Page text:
Those trips between ports on the African coast…When did I pass my home? Was it one of the nameless, overgrown creeks? We hear people speak strange languages along the coast; I try to catch a word, a scrap, echoes of my mother’s tongue. It is always chatter.
All these things go through my head, but I remain stoic; inside, I cry out for a clue. Am I misremembering? Is my home just over a hill? Are they still waiting for me there? It would do no good to jump ship and abandon my crew just for the hope of a new memory of my first family. I know my sailors well, especially the Africans on board; they feel these same things, but as with all confessions, it is best kept unsaid. Our eyes graze the coastline, however, and we all know.
Some nights ago, I wondered to myself, then—was this my place to disappear? I wanted to quietly slip away into the forest and find my mother’s family there, just over a ridge. But I did not. I might say I was forced to stay, or tricked, but the truth is much simpler. That night, I sat at watch on the deck with some other men, talking quietly near the fire pits. Insects bit us constantly, and that low sleepy noise of the tropical night seemed all around. In that moment, I lost heart; I feared the loneliness beyond the light of the fires, in the black woods.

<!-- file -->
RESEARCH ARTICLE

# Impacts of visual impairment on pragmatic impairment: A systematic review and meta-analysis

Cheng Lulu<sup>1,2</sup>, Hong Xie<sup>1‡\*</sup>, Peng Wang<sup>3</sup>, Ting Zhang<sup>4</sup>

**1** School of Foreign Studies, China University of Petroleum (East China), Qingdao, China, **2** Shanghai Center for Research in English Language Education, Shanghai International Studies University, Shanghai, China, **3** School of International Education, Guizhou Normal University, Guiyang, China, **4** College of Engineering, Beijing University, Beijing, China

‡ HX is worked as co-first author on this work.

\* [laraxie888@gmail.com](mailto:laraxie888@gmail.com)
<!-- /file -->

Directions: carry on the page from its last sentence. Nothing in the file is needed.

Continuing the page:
Yesterday, after a drink had been passed around, I confessed that agony to my men; I told them my thoughts of jumping ship. Black and white alike, they drew quiet looks at each other. Perhaps they were sympathetic, perhaps they were angry, seeing my discomfort. There is little room in their hearts for understanding. This is a dangerous, deadly life. My confession got nods and grunts, but not much else.
And so the sun rises and sets on the Gold Coast.